- Art Deco
Art deco (/ /), or deco, is an eclectic artistic and design style that began in Paris in the 1920s and flourished internationally throughout the 1930s, into the World War II era. The style influenced all areas of design, including architecture and interior design, industrial design, fashion and jewelry, as well as the visual arts such as painting, graphic arts and film. The term "art deco" was first used widely in 1926, after an exhibition in Paris, 'Les Années 25' sub-titled Art Deco, celebrating the 1925 Exposition Internationale des Arts Décoratifs et Industriels Modernes (International Exhibition of Modern Decorative and Industrial Arts) that was the culmination of style moderne in Paris. At its best, art deco represented elegance, glamour, functionality and modernity.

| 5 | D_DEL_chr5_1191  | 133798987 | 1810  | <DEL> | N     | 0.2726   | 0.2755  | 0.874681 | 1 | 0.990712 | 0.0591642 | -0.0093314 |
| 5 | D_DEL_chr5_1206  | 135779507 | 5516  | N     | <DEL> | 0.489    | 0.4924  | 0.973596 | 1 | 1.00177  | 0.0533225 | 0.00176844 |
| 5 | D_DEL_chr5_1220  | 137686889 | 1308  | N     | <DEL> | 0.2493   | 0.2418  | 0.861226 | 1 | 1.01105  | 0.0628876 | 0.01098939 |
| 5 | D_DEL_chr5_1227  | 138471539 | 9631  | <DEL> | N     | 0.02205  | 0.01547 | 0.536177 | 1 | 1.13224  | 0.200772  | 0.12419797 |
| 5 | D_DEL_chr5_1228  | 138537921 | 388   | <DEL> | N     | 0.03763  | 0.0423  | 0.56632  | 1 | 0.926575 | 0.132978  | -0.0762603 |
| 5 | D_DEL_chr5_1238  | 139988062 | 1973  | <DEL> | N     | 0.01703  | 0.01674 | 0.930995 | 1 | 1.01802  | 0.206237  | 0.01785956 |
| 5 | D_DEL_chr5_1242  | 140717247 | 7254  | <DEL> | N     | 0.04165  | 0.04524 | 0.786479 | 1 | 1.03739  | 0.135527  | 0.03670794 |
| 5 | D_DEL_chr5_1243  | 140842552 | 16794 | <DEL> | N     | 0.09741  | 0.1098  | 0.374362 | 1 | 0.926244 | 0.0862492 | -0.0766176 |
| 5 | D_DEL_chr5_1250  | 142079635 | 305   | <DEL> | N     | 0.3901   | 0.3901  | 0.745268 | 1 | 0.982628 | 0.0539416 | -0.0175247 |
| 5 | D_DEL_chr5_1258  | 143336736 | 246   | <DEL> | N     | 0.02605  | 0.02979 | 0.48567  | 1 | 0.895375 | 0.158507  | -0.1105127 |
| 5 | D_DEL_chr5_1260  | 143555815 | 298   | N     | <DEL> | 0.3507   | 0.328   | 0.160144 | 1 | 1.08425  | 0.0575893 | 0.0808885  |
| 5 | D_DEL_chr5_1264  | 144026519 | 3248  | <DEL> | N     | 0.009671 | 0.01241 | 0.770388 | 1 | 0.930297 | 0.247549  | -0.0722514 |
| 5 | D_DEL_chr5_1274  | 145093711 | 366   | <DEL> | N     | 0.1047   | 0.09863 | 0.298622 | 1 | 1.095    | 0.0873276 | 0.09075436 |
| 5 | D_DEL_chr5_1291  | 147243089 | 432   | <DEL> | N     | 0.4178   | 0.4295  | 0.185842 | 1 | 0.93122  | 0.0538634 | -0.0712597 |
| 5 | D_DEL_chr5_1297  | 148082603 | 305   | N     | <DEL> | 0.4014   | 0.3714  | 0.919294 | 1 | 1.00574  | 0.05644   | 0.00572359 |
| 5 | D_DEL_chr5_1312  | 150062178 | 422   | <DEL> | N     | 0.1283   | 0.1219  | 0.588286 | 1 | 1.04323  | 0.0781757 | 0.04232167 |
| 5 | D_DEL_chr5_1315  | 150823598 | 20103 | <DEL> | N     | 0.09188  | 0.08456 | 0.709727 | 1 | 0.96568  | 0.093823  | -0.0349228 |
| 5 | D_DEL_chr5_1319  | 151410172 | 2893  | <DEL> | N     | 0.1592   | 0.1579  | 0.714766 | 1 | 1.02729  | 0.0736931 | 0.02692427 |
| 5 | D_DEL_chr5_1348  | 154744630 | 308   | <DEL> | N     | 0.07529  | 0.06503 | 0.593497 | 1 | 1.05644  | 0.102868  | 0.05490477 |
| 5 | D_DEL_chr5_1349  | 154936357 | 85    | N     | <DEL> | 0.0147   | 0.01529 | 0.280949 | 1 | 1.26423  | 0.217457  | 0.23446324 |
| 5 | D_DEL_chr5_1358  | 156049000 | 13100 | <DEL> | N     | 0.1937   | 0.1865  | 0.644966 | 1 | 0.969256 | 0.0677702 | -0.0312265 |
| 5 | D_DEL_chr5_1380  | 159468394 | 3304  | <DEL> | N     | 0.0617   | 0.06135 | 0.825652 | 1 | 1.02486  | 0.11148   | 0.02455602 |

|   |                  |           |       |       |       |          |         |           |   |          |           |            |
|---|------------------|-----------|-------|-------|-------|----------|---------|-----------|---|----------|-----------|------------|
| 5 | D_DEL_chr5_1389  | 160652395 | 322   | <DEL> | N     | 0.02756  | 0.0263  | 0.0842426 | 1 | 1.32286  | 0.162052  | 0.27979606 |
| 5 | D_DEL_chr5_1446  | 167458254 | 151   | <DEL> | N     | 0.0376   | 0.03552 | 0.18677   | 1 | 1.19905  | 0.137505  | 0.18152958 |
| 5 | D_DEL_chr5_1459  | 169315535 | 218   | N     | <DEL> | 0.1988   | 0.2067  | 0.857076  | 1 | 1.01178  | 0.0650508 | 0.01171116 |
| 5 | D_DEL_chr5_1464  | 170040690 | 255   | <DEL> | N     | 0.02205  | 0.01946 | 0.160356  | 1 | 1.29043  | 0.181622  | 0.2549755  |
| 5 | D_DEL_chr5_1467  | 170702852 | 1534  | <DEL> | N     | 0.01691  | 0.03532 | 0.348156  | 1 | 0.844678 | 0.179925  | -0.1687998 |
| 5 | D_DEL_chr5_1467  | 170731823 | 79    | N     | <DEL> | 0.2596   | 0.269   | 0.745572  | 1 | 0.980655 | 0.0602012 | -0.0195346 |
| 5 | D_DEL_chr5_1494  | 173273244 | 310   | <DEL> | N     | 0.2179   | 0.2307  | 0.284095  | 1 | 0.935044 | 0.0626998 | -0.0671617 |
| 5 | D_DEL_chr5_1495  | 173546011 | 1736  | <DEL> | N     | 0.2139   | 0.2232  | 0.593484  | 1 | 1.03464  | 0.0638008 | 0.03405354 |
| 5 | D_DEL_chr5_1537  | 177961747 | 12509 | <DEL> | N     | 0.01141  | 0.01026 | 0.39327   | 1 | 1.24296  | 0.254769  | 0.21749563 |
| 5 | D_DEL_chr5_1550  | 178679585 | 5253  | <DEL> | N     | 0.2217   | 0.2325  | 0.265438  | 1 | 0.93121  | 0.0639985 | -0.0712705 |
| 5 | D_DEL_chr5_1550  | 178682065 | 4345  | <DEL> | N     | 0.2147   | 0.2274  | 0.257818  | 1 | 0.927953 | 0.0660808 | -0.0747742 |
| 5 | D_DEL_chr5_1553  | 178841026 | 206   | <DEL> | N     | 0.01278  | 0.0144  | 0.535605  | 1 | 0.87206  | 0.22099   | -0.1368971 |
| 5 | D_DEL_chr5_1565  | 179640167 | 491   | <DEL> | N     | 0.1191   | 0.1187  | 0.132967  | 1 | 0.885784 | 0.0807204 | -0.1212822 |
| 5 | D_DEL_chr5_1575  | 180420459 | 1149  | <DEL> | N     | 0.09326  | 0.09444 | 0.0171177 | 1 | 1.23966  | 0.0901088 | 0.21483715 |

Art deco's linear symmetry was a distinct departure from the flowing asymmetrical organic curves of its predecessor style art nouveau; it embraced influences from many different styles of the early twentieth century, including neoclassical, constructivism, cubism, modernism and futurism and drew inspiration from ancient Egyptian and Aztec forms. Although many design movements have political or philosophical beginnings or intentions, art deco was purely decorative.
Art deco experienced a decline in popularity during the late 1930s and early 1940s, but had a resurgence during the 1960s with the first book on the subject by Bevis Hillier in 1968 and later an exhibition organised by him in Minneapolis in 1971. It continued with the popularization of graphic design during the 1980s. Art deco had a profound influence on many later artistic styles, such as Memphis and pop art.
Architectural examples survive in many different locations worldwide, in countries as diverse as China (Shanghai), the UK, Latvia, Spain, Cuba, Mexico, Indonesia, the Philippines, Argentina, Poland, Austria, Germany, Russia, Romania, Australia, Canada, New Zealand, India, Brazil, Colombia and the United States. In New York, the Empire State Building, the Chrysler Building and Rockefeller Center are among the largest and best-known examples of the style.